In addition, Overstreet doesn’t differentiate based on age, but as you rightly pointed out, CGC does.
Water stains bad, ink stains good… or better.
I think this was important for all collectors/investors to understand, so it is great that you posted your findings and started the discussion. I agree with everyone else that the penalty for smaller, less-noticeable water stains is far too severe. And the reverse example of the ugly distribution spray on the CGC 6.5 Hulk 181 is equally ridiculous. CGC’s strict adherence to their “water & ink” policy seems contrary to the fundamental idea that overall look & feel should be a significant factor in the final grade determination. But, all complaints aside…
I can only assume that CGC does this because the ink overspray was a normal part of the comic distribution process (in some areas) back in the 1960’s/1970’s. So one could consider the ink overspray to be an original feature of the comic in the same way that an arrival date written on the cover is acceptable as an original feature. In either case, with ink or arrival dates, you can still get CGC grades up to maybe 9.0-9.4. But a water stain is not a normal part of the comic creation or distribution process, so it can always be defined as “damage”. That would seem to be the CGC justification for their “good/bad” decisions with the two types of stains. Again, I don’t agree with how strictly they interpret their own rule, but that’s just the way it is.
Points are deducted for every quantifiable flaw. Outside of this, it becomes subjective.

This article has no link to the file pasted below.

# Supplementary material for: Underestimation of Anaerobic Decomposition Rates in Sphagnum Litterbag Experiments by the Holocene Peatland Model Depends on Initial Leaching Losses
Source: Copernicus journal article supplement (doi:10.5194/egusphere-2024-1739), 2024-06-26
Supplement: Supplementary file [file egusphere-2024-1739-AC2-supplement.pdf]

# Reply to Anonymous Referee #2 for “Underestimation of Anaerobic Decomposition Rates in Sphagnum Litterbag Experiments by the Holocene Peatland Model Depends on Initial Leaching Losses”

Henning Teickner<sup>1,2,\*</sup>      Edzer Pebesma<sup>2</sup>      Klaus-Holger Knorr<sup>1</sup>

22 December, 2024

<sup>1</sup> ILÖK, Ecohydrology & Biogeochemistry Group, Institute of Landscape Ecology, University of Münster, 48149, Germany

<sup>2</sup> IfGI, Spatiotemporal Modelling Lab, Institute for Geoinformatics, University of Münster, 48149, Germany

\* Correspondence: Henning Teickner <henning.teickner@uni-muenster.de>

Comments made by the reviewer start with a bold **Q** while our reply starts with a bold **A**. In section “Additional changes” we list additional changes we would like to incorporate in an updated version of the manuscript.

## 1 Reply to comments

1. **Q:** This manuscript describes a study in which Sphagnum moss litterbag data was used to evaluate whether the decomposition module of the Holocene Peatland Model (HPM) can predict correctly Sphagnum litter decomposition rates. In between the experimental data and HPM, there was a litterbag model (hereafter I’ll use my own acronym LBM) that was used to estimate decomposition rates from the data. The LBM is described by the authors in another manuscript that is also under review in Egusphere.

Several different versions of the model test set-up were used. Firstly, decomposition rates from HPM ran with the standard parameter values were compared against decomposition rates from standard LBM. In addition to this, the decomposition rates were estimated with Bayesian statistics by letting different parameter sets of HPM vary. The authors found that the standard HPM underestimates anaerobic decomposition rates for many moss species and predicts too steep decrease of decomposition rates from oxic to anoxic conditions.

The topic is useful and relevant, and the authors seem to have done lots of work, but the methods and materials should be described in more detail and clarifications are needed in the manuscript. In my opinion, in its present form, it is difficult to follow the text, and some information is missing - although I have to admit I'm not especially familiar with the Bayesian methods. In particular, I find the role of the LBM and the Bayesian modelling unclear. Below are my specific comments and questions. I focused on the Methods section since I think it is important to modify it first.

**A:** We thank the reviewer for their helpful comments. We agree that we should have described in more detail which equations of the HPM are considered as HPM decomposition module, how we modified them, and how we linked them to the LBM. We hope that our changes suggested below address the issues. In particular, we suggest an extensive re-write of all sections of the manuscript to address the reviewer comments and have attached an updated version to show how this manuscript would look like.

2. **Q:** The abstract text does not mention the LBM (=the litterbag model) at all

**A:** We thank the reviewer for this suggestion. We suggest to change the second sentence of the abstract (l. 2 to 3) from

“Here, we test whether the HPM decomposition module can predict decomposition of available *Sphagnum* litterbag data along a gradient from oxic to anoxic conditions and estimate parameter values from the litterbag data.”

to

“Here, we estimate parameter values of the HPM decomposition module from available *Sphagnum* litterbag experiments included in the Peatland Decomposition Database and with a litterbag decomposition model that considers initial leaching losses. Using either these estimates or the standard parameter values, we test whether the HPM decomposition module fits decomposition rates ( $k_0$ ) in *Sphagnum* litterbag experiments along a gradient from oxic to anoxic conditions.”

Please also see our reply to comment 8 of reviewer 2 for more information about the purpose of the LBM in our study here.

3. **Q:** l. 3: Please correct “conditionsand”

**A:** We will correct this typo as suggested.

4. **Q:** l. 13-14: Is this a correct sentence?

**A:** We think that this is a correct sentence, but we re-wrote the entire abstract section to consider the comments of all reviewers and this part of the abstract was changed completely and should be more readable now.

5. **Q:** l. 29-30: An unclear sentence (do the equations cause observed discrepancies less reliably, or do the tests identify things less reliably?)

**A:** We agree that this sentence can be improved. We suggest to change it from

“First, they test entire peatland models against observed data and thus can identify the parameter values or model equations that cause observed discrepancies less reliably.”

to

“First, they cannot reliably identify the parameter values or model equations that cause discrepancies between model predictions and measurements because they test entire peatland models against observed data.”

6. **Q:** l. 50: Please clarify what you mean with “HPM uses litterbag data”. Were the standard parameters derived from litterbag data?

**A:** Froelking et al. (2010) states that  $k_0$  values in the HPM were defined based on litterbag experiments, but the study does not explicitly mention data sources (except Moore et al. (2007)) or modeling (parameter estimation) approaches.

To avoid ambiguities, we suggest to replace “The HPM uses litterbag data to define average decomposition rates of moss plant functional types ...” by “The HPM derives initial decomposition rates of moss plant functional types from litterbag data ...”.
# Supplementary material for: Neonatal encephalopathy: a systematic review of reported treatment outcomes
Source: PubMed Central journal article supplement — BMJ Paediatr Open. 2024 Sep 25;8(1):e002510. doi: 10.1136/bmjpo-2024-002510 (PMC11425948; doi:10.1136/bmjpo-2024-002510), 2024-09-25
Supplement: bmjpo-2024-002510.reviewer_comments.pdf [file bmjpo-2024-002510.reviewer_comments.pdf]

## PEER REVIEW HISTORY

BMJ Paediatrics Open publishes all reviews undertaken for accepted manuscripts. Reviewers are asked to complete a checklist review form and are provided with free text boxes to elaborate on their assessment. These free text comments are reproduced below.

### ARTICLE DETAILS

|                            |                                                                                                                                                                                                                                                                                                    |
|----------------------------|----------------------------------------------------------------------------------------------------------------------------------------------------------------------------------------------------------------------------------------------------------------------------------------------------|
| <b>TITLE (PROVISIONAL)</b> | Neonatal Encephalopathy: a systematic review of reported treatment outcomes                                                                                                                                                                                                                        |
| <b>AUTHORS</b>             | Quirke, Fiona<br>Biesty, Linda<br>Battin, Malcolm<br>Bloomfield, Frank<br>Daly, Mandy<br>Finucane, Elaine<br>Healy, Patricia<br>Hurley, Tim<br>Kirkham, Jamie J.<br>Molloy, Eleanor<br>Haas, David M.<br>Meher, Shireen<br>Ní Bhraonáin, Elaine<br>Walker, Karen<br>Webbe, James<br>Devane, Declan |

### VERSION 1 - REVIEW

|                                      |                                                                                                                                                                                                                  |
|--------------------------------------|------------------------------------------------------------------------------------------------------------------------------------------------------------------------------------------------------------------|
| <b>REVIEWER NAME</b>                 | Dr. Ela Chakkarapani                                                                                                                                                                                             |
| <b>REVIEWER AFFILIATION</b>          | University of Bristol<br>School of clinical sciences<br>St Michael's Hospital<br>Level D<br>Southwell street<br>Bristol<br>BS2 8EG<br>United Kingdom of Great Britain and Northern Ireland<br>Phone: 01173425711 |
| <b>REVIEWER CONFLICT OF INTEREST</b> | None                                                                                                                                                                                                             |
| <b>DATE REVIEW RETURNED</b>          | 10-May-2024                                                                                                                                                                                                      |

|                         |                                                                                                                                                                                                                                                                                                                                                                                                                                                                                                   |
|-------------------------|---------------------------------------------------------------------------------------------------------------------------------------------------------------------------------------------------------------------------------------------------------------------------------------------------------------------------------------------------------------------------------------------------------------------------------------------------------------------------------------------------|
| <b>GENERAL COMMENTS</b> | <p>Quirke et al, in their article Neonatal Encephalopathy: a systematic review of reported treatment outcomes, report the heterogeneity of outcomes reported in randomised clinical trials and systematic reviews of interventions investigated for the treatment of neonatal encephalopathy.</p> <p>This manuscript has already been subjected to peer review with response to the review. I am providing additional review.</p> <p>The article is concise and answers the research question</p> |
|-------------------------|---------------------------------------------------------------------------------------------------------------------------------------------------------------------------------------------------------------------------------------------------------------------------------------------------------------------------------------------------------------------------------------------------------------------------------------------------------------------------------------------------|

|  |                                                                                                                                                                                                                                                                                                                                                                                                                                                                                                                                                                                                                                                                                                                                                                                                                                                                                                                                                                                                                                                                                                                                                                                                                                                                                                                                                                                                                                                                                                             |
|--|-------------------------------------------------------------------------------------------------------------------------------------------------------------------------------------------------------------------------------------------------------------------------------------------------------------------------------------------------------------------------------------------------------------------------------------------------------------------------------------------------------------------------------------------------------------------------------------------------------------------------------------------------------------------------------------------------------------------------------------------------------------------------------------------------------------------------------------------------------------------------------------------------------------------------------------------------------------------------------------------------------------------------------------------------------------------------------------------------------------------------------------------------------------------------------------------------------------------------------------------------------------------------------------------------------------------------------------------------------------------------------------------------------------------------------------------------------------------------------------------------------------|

We covered this above. One side note – for Copper Age & Modern Age comics, you can predict a CGC 9.8, 9.6 and 9.4 with a good deal of accuracy by counting the number of tiny flaws. With middle & lower grades and with older comics, it is more of a subjective crapshoot.
Lower grade books are generally not worth grading.
This is usually true, except in the case of extremely high-value and/or rare comics. Buyers tend to question the authenticity of high-priced collectibles, and grading eliminates almost all doubt about authenticity or restoration. (I say “almost” due to a widely publicized CGC scandal or two in past years.) So if you have a low/lower grade book that is worth thousands of dollars, grading can be worth the investment to ease the mind of the potential buyers.
Size matters. The same Lois Lane book that I wanted to sell, now I want to keep.
That is a personal preference, and is totally understandable.
Never question Mike Huddleston… ’cause he knows his stuff.
Back when Matt Nelson had his own pressing company (Classics Inc., or something like that), before he sold it to CGC a few years ago, he had a fantastic article on his web site analyzing the familiar topic of “to slab or not to slab”. That must be one of the top five questions comic collectors ask at some point. But I can’t find that article anymore. It disappeared with the company’s web site after it became part of CGC. But if anybody knows Matt, or would like to just email him and ask nicely, maybe he can send you a copy of it. It was a very informative, well thought-out and well organized analysis, complete with a basic breakdown of the various costs involved. It would be great to post on Comic Book Daily if Matt were willing to give permission.